(LifeSiteNews) – A British study shows that fathers’ involvement has a positive influence on their children’s school achievement regardless of the child’s sex, ethnicity, age in the school year, and household name.
Research carried out at the University of Leeds has found that fathers can give their children an educational advantage at primary school by reading, singing, drawing, and playing with them on a regular basis, according to the U.K. study published on September 20.
The father-focused study was funded by the Economic and Social Research Council (ESRC) and led by Dr. Helen Norman, Research Fellow at Leeds University Business School, in collaboration with co-author Dr. Jeremy Davies, Head of Impact and Communications at the Fatherhood Institute, and co-investigators at the University of Manchester.
The longitudinal analysis in England explored the relationship between fathers’ childcare involvement and their children’s attainment at primary school.
Analyzing primary school test scores for five-, seven-, and eleven-year-olds, the researchers used a representative sample of nearly 5,000 mother-father households in England from the Millennium Cohort Study (MCS). The MCS collected data on children born in 2000-02.
Quoted on the UK Data Service website, Professor Emla Fitzsimons, director of the MCS, said, “The Millennium Cohort Study has been tracking the lives of thousands of people since they were babies and is uniquely placed to help researchers better understand Gen Z and the influences on different spheres of their lives now, including their mental and physical health, their intellectual development, and relationships.”
Dr. Helen Norman said, “Mothers still tend to assume the primary carer role and therefore tend to do the most childcare, but if fathers actively engage in childcare too, it significantly increases the likelihood of children getting better grades in primary school. This is why encouraging and supporting fathers to share childcare with the mother, from an early stage in the child’s life, is critical. Dads’ involvement impacted positively on their children’s school achievement regardless of the child’s gender, ethnicity, age in the school year and household income.”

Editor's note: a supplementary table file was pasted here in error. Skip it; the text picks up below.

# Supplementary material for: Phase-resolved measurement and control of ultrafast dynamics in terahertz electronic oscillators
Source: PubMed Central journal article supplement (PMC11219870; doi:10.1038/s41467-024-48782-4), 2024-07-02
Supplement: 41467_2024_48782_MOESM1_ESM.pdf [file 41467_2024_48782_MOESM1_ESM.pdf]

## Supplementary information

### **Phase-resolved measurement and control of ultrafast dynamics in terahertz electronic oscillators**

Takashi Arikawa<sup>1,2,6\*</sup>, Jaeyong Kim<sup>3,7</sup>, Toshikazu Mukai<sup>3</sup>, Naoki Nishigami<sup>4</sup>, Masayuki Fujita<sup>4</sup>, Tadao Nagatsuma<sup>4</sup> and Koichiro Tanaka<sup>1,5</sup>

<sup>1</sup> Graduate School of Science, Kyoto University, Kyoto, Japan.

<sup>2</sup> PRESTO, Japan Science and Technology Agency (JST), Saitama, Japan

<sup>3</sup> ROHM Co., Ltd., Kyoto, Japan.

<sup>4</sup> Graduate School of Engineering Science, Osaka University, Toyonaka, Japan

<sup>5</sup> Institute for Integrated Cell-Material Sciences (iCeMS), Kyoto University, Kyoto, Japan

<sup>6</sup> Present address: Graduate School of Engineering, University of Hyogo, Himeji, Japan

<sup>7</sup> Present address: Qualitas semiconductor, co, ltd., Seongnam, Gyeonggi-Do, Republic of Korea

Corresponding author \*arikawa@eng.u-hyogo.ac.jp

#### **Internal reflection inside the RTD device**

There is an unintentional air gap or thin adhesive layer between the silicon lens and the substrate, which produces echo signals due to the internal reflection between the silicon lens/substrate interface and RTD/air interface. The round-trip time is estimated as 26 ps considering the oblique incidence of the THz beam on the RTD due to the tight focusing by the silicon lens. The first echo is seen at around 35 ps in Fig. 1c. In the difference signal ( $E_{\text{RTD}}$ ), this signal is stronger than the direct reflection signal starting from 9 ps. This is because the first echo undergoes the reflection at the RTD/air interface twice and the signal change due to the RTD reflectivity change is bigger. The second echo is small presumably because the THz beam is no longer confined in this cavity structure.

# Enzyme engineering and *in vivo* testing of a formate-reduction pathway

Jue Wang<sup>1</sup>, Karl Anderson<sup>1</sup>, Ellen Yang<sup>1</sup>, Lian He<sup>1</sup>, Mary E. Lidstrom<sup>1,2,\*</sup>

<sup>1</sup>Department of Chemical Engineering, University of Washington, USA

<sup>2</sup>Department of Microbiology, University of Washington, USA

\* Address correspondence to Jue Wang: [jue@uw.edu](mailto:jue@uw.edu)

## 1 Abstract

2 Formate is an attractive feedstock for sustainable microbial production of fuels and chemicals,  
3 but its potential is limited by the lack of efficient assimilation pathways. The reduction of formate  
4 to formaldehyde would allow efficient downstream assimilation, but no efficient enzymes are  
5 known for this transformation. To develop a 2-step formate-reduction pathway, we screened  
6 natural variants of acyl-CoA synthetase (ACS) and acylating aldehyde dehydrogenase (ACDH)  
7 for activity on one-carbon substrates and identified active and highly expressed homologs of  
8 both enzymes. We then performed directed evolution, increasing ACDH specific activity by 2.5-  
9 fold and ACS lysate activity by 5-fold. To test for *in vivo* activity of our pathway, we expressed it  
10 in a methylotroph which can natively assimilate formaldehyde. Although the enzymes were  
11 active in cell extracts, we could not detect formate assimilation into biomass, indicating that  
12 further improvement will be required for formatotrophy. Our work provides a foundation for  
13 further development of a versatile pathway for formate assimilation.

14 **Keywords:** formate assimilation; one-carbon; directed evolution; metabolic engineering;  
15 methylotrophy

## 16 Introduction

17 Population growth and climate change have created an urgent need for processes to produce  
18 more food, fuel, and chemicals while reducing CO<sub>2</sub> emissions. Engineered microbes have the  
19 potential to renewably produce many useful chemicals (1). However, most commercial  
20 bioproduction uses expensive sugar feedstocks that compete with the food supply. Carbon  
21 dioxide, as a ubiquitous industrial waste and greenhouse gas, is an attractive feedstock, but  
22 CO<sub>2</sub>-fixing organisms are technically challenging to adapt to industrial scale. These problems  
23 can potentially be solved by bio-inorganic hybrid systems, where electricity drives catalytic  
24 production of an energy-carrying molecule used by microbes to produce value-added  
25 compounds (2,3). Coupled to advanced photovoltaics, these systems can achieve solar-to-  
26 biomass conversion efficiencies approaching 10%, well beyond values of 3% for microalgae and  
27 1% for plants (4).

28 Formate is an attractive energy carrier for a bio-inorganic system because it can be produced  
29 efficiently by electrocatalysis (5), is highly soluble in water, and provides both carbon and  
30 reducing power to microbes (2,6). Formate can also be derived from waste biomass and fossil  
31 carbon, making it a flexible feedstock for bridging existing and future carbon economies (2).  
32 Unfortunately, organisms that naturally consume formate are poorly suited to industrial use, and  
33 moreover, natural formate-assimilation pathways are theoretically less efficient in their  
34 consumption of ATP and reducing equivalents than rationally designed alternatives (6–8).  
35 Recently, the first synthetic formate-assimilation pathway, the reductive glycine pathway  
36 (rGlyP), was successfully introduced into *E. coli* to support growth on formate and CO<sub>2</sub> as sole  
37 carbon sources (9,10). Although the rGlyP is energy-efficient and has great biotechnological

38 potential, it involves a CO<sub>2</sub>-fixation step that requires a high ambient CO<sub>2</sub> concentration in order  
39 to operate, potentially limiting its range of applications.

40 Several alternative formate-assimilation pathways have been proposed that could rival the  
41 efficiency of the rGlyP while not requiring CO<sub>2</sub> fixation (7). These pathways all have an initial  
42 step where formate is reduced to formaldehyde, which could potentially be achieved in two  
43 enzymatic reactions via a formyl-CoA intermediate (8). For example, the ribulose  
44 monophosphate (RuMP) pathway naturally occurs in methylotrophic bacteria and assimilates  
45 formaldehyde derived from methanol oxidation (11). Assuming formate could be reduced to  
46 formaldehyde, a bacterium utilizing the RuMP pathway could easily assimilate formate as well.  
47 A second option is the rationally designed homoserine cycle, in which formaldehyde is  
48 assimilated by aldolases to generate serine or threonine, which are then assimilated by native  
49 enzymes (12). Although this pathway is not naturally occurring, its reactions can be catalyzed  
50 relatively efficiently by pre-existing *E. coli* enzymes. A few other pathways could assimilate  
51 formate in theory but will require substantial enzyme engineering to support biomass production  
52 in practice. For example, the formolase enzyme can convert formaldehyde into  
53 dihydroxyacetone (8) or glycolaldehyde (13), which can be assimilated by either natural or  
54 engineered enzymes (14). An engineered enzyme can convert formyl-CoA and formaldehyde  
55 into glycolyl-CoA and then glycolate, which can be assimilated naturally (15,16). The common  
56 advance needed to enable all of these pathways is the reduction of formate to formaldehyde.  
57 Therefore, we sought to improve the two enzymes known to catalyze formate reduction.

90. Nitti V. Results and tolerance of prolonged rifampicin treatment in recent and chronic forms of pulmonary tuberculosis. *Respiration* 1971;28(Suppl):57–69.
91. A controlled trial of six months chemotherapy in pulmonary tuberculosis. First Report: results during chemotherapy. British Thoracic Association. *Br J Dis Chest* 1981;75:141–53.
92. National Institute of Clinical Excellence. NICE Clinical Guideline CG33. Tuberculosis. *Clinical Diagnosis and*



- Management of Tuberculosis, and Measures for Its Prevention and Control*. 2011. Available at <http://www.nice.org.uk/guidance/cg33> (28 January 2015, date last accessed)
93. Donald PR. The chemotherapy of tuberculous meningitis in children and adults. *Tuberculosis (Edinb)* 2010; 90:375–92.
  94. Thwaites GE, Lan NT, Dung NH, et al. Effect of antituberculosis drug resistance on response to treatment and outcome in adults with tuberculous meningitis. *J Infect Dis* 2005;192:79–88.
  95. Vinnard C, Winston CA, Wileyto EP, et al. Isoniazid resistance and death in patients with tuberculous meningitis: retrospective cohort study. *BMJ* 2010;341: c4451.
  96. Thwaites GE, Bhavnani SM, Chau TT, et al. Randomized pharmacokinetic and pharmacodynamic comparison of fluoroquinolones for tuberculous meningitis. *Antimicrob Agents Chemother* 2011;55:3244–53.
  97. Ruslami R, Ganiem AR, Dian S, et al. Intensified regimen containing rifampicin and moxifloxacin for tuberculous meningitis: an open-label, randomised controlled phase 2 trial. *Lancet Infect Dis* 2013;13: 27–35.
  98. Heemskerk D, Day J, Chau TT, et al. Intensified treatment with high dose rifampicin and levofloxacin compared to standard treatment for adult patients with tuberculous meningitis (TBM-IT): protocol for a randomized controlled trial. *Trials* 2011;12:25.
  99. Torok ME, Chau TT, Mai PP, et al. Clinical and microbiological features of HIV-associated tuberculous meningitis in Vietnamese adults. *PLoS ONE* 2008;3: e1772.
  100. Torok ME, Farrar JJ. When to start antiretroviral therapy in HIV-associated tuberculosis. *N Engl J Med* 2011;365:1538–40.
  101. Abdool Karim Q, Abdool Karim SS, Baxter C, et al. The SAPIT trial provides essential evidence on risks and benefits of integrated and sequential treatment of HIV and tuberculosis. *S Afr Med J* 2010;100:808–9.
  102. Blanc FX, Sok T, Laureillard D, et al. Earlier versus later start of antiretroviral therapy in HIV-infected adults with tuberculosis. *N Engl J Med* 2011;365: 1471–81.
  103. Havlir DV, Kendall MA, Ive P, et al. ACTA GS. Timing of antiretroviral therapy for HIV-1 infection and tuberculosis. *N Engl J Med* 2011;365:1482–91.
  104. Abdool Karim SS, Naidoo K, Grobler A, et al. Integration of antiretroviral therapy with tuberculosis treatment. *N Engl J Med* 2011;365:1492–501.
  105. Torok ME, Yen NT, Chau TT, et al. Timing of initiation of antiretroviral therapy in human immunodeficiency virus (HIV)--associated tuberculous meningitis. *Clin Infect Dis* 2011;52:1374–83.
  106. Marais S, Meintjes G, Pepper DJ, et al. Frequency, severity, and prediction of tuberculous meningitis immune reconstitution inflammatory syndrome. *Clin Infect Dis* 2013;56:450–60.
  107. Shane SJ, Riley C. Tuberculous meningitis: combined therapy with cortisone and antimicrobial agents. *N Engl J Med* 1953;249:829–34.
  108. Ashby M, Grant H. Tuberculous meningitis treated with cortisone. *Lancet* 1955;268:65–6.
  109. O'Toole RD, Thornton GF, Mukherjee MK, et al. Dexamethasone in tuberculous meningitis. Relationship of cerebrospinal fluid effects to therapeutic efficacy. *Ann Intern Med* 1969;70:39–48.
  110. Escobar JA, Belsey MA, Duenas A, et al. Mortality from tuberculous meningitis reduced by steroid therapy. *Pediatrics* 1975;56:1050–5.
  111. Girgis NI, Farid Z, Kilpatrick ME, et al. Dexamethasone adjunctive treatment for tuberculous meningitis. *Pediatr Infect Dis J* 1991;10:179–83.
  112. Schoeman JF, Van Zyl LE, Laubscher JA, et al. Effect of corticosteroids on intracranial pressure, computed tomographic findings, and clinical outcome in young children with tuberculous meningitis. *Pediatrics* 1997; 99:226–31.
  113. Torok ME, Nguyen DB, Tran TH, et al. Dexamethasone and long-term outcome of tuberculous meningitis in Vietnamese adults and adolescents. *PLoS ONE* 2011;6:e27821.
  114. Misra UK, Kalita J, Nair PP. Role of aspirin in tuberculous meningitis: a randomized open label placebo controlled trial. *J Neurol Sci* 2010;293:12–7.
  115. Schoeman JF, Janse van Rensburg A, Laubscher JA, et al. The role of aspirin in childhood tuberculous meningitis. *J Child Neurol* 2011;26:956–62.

“Our analysis has shown that fathers have an important, direct impact on their children’s learning. We should be recognizing this and actively finding ways to support dads to play their part, rather than engaging only with mothers, or taking a gender-neutral approach,” said Dr. Jeremy Davies.
According to data from the UK Office of National Statistics (ONS), “one in nine [fathers] report their job as being a stay-at-home dad – a rise of 34 per cent in just three years.”
In a similar study in Japan, researchers from Doshisha University and Kyoto University found that children with highly involved fathers had a lower risk of developmental delays and thus fathers positively influenced a child’s physical and cognitive development.
The findings, published in Pediatric Research on July 8, 2023, analyzed birth cohort data from the Japan Environment and Children’s Study, an ongoing project examining how the environment impacts children’s health. Out of a sample size of 28,050 children, the Japanese researchers looked at the level of a father’s involvement in childcare when the children were six months old and the risk of developmental delays at the age of three years.
According to Asian Scientist Magazine: “For all indicators tested, children with highly involved fathers were less likely to be developmentally delayed. These indicators included communication, social skills, and motor skills. The biggest difference was noticed in the case of gross motor skills which involves actions like jumping in place or pedalling a tricycle. This shows that the father-child relationship plays a significant role in physical development.”
“Our research findings indicate that increased paternal engagement in childcare could yield advantages for both children and mothers alike,” said Tsuguhiko Kato, a public health researcher and the study’s author.
The research led by University of Leeds recommended that dads should carve out as much time as they can to engage in interactive activities with their children each week. For busy, working dads, even just ten minutes a day could potentially have educational benefits.